Our Chief Leaders are instrumental in delivering the amazing expeditions we are known for at British Exploring. So to get to know Bruce a little better we asked him a few questions about his expedition experience - have a read below and you might get a flavour of the experience he will deliver in Ladakh:
How did you get involved in expeditions?
I’ve followed personal adventures most of my life but when my children left home I was able to extend my climbing to the Americas and the Greater Ranges. Whilst on an adventure race to the Magnetic North Pole I was approached by another competitor, Tori James, who worked for British Exploring. A few months later I was leading for British Exploring in Svalbard as Chief Mountaineer.
What is the most extreme destination you have ever visited?
That’s a difficult question to answer as conditions can vary considerably. The sea ice of northern Canada can be quite extreme, as can Himalayan mountains over 8,000m. On balance I think Lake Baikal in Siberia is my choice as there are not many places you can travel for a week on your own and not see another person, or other living creature come to that.
What is special about a British Exploring expedition?
As the first organisation dedicated to the development of young people through a balance of science and adventure there have been many imitators. I am not aware of any other organisation able to provide an expedition experience as real and extensive as British Exploring. The success in later life of young people who have been on expeditions with British Exploring is testimony to the organisation’s methods first pioneered by Surgeon Commander George Murray Levick in 1932.
What have you learned most about yourself through expeditions?
As a project manager in my previous working life I have discovered that my skills in management and facilitation are very transferable to expedition life. I had never wanted to be a teacher having watched the hoops professional teachers are required to jump through. I have, however, found that I gain significant satisfaction from helping and guiding young people who want to learn.
What are the key attributes of an effective expedition leader?
A leader needs to have a clear vision and be decisive, but it is important that he or she listens to other members of the expedition and is open enough to change direction where appropriate. Having decided on a course of action, good communication is vital.
What advice would you give your 18 year old self if you were about to embark on a British Exploring expedition?
I would already have made a good decision by choosing British Exploring. I wish I had been aware of the organisation when I was a teenager. I would say go with an open mind and try everything you can. Especially the things you find most difficult. Also, look out for good role models and see where you can usefully incorporate their ways into your life.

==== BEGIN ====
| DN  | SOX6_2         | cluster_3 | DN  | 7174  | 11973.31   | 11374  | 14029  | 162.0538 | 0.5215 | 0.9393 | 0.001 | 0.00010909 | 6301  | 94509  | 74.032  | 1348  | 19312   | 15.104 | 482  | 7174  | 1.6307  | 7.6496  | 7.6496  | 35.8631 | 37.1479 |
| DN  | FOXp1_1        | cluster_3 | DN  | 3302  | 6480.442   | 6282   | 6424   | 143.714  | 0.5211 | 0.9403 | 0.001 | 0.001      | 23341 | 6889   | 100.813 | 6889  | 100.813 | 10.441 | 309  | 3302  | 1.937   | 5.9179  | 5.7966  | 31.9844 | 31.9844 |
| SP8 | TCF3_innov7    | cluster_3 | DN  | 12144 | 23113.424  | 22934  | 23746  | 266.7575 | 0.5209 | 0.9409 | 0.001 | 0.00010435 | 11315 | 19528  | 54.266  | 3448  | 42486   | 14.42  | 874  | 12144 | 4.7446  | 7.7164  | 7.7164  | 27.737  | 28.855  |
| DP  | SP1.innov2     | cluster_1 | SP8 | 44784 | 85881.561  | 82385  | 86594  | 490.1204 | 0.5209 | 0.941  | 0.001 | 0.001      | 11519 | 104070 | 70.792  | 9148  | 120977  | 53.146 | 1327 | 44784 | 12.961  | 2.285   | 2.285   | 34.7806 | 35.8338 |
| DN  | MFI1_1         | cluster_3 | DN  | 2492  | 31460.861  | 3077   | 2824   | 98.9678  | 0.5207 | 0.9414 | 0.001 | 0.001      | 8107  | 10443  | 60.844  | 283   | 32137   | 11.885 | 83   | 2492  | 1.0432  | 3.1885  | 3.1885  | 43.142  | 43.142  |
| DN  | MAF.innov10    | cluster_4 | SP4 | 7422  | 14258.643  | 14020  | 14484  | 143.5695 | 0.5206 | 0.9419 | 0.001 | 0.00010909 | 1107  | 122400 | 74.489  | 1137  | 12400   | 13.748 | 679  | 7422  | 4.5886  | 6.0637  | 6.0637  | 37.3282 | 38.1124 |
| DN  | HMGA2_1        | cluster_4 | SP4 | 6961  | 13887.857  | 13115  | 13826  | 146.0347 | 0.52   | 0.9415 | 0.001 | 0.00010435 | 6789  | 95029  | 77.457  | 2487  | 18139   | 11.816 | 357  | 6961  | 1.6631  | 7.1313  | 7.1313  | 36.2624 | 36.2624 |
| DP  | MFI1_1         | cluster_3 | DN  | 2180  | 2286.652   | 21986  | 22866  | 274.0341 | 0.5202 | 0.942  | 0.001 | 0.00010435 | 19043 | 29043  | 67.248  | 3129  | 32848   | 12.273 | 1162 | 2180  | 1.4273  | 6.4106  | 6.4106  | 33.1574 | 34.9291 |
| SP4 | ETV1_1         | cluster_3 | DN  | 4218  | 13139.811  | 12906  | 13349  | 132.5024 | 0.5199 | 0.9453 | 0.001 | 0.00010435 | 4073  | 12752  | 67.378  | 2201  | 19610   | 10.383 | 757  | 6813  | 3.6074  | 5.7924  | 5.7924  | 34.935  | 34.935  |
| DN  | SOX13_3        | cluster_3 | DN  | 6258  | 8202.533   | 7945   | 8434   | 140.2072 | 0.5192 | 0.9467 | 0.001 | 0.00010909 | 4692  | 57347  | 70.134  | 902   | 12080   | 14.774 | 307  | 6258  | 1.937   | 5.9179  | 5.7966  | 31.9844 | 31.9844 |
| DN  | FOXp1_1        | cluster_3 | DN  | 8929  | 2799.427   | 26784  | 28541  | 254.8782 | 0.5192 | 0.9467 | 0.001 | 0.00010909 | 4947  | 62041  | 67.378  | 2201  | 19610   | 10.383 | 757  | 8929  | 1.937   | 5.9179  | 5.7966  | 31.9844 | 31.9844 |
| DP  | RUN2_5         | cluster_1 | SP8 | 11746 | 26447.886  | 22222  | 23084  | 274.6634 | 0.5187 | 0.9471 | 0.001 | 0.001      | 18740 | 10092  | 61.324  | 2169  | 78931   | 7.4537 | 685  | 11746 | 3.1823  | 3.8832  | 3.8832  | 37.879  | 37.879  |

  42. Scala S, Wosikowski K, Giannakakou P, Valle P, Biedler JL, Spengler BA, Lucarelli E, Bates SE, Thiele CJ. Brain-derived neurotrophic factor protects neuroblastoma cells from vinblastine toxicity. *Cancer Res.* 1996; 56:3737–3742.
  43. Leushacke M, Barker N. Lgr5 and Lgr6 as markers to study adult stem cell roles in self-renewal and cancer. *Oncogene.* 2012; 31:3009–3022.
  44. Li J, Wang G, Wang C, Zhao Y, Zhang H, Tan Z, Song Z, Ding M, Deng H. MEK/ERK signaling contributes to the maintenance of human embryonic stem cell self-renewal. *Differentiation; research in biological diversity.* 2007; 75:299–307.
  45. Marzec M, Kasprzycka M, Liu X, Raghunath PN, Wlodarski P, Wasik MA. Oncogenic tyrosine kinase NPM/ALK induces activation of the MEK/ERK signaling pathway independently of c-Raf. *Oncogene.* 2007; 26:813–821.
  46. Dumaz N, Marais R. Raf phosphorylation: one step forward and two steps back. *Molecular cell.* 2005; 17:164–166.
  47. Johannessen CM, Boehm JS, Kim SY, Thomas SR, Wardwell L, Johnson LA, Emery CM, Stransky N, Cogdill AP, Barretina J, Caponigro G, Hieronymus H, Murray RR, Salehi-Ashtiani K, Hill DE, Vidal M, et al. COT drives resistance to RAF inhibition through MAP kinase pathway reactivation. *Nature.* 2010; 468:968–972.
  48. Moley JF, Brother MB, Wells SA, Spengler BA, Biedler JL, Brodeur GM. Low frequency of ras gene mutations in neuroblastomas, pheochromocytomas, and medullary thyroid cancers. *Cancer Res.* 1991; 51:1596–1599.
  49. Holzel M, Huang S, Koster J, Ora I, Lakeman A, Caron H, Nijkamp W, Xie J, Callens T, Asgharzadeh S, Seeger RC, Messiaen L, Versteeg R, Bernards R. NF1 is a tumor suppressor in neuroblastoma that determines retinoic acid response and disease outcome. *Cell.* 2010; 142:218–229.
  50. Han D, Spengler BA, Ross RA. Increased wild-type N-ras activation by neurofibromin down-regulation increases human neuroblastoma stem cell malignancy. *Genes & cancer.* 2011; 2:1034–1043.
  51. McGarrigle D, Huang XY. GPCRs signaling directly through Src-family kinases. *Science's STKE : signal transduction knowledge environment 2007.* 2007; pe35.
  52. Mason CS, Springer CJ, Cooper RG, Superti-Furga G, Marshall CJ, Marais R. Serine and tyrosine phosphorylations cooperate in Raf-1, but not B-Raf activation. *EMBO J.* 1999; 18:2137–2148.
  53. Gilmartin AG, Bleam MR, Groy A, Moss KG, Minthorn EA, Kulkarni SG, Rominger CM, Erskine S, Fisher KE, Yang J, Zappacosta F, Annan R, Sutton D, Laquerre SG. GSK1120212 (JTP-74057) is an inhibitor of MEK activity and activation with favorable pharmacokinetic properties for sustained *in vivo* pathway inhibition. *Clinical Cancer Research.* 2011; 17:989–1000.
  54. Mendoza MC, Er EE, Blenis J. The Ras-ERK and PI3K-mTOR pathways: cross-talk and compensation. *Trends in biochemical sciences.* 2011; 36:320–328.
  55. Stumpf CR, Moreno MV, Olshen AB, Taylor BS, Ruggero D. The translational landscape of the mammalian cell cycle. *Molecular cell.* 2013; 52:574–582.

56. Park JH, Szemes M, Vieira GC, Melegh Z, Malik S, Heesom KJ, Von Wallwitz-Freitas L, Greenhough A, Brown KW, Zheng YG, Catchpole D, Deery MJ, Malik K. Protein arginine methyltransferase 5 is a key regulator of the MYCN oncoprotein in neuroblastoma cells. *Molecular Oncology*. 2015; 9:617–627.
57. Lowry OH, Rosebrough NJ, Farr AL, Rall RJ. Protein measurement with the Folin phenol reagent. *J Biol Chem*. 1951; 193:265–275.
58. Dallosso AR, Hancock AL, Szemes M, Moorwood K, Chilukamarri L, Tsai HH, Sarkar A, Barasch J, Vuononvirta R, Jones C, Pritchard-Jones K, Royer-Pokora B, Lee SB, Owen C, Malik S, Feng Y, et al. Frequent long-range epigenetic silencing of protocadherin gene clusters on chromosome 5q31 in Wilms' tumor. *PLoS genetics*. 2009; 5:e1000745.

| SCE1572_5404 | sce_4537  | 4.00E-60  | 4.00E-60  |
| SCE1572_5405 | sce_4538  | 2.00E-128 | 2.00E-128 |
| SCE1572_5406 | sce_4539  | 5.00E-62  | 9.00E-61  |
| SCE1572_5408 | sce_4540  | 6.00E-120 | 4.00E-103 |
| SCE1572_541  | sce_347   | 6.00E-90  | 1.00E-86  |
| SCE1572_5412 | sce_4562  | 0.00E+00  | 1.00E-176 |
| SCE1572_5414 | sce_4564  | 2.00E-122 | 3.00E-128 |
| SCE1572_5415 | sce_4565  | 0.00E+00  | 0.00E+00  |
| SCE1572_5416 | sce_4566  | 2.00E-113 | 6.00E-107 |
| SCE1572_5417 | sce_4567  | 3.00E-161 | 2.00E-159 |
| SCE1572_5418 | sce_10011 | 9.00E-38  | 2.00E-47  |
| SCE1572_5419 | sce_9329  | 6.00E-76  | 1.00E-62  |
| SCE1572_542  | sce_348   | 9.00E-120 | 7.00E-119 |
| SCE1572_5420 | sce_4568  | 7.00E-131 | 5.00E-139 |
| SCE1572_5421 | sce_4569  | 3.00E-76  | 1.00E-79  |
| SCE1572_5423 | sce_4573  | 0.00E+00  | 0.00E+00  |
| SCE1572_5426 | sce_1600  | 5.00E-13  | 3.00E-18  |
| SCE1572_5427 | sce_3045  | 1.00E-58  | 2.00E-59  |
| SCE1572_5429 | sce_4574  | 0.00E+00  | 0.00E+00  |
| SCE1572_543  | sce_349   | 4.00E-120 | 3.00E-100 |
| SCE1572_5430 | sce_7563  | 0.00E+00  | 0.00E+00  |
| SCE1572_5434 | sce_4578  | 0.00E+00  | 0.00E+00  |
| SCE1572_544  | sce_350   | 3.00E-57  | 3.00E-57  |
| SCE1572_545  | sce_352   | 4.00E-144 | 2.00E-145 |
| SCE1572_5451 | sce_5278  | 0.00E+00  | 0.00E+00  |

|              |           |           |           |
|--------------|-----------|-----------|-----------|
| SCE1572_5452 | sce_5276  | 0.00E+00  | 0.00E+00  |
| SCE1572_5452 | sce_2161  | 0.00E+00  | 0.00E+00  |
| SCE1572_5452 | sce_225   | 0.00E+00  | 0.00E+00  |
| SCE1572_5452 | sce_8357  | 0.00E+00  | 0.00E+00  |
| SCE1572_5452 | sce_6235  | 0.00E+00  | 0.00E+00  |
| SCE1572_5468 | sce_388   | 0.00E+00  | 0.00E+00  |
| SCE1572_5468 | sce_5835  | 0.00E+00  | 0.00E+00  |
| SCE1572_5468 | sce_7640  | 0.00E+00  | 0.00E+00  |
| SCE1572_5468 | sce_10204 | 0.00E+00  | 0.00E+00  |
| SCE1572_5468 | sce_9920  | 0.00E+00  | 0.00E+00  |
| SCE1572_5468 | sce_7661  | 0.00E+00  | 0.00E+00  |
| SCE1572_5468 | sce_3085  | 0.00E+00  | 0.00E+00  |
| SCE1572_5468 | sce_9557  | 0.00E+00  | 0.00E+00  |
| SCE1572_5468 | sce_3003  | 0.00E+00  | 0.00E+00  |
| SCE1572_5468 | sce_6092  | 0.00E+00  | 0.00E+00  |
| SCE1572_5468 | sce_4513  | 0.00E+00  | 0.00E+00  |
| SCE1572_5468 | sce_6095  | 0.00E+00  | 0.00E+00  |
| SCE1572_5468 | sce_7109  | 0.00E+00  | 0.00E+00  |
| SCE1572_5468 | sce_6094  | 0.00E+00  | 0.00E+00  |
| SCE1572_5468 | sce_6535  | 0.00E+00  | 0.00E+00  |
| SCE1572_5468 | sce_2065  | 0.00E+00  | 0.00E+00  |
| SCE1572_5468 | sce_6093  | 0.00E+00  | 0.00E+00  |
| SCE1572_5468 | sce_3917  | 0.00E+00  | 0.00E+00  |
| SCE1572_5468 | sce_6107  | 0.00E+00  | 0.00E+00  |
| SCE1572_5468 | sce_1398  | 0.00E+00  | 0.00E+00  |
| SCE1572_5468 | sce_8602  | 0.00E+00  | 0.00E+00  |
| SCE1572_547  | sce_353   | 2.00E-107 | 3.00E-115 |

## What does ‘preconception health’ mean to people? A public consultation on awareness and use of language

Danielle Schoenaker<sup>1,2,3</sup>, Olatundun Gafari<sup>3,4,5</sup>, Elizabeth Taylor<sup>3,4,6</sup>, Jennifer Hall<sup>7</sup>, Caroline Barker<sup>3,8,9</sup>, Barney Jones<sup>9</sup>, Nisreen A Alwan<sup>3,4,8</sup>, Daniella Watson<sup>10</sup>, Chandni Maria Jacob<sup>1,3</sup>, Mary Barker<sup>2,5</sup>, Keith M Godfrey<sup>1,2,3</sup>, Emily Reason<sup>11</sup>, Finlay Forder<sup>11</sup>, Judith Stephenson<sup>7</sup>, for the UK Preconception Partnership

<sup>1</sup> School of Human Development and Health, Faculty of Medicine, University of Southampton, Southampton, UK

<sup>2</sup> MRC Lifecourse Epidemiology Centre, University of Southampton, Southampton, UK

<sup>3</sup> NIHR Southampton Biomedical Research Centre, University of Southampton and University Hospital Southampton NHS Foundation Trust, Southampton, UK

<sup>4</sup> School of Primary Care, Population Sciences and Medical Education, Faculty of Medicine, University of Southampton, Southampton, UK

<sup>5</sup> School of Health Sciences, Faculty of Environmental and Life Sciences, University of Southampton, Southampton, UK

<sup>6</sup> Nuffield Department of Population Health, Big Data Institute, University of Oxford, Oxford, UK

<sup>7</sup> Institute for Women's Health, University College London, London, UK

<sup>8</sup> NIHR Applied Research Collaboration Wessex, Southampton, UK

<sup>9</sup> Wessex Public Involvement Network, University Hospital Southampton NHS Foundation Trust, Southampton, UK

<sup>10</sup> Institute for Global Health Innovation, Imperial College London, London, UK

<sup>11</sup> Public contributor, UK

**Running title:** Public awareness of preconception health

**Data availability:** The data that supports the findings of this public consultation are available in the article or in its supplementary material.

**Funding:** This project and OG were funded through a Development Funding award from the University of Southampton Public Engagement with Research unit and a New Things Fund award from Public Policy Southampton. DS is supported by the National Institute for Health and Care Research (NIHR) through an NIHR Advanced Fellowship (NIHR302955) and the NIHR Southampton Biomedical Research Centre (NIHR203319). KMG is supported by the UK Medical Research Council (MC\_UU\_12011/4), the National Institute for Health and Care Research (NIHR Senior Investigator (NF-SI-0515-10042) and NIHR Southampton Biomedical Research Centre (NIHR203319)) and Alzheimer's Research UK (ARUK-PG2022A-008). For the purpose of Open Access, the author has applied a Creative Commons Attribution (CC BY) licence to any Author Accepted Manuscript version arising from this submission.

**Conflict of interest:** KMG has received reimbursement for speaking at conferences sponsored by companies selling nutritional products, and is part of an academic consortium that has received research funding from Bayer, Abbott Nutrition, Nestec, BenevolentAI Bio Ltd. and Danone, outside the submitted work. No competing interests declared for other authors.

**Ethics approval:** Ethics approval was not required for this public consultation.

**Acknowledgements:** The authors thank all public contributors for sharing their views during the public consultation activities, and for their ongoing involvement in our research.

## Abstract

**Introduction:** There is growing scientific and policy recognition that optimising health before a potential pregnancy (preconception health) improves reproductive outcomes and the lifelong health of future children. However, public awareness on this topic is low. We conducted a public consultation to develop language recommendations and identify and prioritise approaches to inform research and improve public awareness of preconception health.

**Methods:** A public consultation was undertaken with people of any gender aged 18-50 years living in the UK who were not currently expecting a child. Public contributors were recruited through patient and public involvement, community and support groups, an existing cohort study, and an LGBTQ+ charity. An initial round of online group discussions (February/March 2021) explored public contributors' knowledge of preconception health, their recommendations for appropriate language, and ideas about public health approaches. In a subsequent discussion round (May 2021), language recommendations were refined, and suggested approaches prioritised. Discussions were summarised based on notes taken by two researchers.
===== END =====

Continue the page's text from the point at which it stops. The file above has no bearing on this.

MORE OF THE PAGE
What 3 luxury items will you be taking on expedition with you?
Fleece socks for sleeping, a good sleeping mat and a small pillow. As you can see I consider rest very important.
What do you miss most when on expedition?
Not much, I’m usually too focused to think about such things. Having a new grandchild, that might change a bit this year. I suppose I miss seeing the British countryside at the height of summer which is when most expeditions take place.
If you could choose any destination in the world to lead an expedition where would you go?
South Georgia. I had the great fortune to lead the last British Exploring expedition to South Georgia and I hope we can find a way to return there some day. Unfortunately HMS Endurance is no longer able to ply the southern oceans and an alternative civilian option is not quite the same. The scenery is phenomenal and it is a place of great historical significance to those interested in exploration. To have walked in the footsteps of Shackleton was one of the highlights of my life.
Who inspires you?
I’m not really into hero worshiping but take my inspiration from a variety of people. Many of the great names throughout history have not been particularly nice people, but they did had the ability to inspire others. I am also inspired by some of the most humble people in society, especially those who can work with the seriously disabled. The people who impress me the most are able to achieve without negatively impacting on those around them. If I have to choose just one person it would have to be Paula Radcliffe.
British Exploring is a personal development charity – what does this mean to you?
Personal development goes on throughout life, however the late teens and early twenties is a time when a huge amount can be achieved. Many of my own early experiences were provided by visionary school teachers who offered me options I might otherwise have never found. My personal confidence grew as I found the things I enjoyed and was good at. British Exploring offers young people that kind of help in spadefuls.
Bruce's British Exploring experience:
- Svalbard 2006: Chief Mountaineer
- Svalbard 2007: Logistics Support
- Falklands and South Georgia – 2008: Chief Mountaineer / Chief Leader
- Namibia – 2013: Deputy Chief Leader
- Namibia – 2014: Deputy Chief Leader
- Himalaya – 2015: Deputy Chief Leader
- Arctic Skills – 2015: Participant